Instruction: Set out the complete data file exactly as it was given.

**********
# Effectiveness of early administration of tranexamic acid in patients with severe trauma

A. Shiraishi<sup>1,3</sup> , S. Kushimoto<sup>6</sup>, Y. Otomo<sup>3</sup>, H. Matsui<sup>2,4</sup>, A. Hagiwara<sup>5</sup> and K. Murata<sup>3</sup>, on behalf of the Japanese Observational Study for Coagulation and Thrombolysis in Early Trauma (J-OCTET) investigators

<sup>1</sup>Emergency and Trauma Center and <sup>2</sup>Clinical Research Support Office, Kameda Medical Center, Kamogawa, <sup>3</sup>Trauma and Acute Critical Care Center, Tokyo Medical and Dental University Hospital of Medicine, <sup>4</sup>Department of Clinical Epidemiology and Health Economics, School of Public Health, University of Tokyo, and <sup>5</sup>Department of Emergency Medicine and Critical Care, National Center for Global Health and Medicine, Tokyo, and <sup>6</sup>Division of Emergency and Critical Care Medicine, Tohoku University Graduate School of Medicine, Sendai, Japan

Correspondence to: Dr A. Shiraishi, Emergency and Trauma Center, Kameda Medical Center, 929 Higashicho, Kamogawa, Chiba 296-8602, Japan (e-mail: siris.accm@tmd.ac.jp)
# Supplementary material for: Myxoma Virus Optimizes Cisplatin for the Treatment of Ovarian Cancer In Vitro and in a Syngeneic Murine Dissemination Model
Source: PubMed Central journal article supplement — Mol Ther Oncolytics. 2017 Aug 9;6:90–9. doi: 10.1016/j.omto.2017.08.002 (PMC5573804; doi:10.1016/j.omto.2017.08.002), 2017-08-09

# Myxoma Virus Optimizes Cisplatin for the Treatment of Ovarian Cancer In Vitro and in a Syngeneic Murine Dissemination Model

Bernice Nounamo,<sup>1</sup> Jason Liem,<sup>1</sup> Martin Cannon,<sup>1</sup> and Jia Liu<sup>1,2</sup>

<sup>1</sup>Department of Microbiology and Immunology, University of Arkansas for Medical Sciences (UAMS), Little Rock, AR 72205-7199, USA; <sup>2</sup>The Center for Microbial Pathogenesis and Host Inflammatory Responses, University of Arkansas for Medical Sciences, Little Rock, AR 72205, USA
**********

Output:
# Effectiveness of early administration of tranexamic acid in patients with severe trauma

A. Shiraishi<sup>1,3</sup> , S. Kushimoto<sup>6</sup>, Y. Otomo<sup>3</sup>, H. Matsui<sup>2,4</sup>, A. Hagiwara<sup>5</sup> and K. Murata<sup>3</sup>, on behalf of the Japanese Observational Study for Coagulation and Thrombolysis in Early Trauma (J-OCTET) investigators

<sup>1</sup>Emergency and Trauma Center and <sup>2</sup>Clinical Research Support Office, Kameda Medical Center, Kamogawa, <sup>3</sup>Trauma and Acute Critical Care Center, Tokyo Medical and Dental University Hospital of Medicine, <sup>4</sup>Department of Clinical Epidemiology and Health Economics, School of Public Health, University of Tokyo, and <sup>5</sup>Department of Emergency Medicine and Critical Care, National Center for Global Health and Medicine, Tokyo, and <sup>6</sup>Division of Emergency and Critical Care Medicine, Tohoku University Graduate School of Medicine, Sendai, Japan

Correspondence to: Dr A. Shiraishi, Emergency and Trauma Center, Kameda Medical Center, 929 Higashicho, Kamogawa, Chiba 296-8602, Japan (e-mail: siris.accm@tmd.ac.jp)
# Supplementary material for: Myxoma Virus Optimizes Cisplatin for the Treatment of Ovarian Cancer In Vitro and in a Syngeneic Murine Dissemination Model
Source: PubMed Central journal article supplement — Mol Ther Oncolytics. 2017 Aug 9;6:90–9. doi: 10.1016/j.omto.2017.08.002 (PMC5573804; doi:10.1016/j.omto.2017.08.002), 2017-08-09

# Myxoma Virus Optimizes Cisplatin for the Treatment of Ovarian Cancer In Vitro and in a Syngeneic Murine Dissemination Model

Bernice Nounamo,<sup>1</sup> Jason Liem,<sup>1</sup> Martin Cannon,<sup>1</sup> and Jia Liu<sup>1,2</sup>

<sup>1</sup>Department of Microbiology and Immunology, University of Arkansas for Medical Sciences (UAMS), Little Rock, AR 72205-7199, USA; <sup>2</sup>The Center for Microbial Pathogenesis and Host Inflammatory Responses, University of Arkansas for Medical Sciences, Little Rock, AR 72205, USA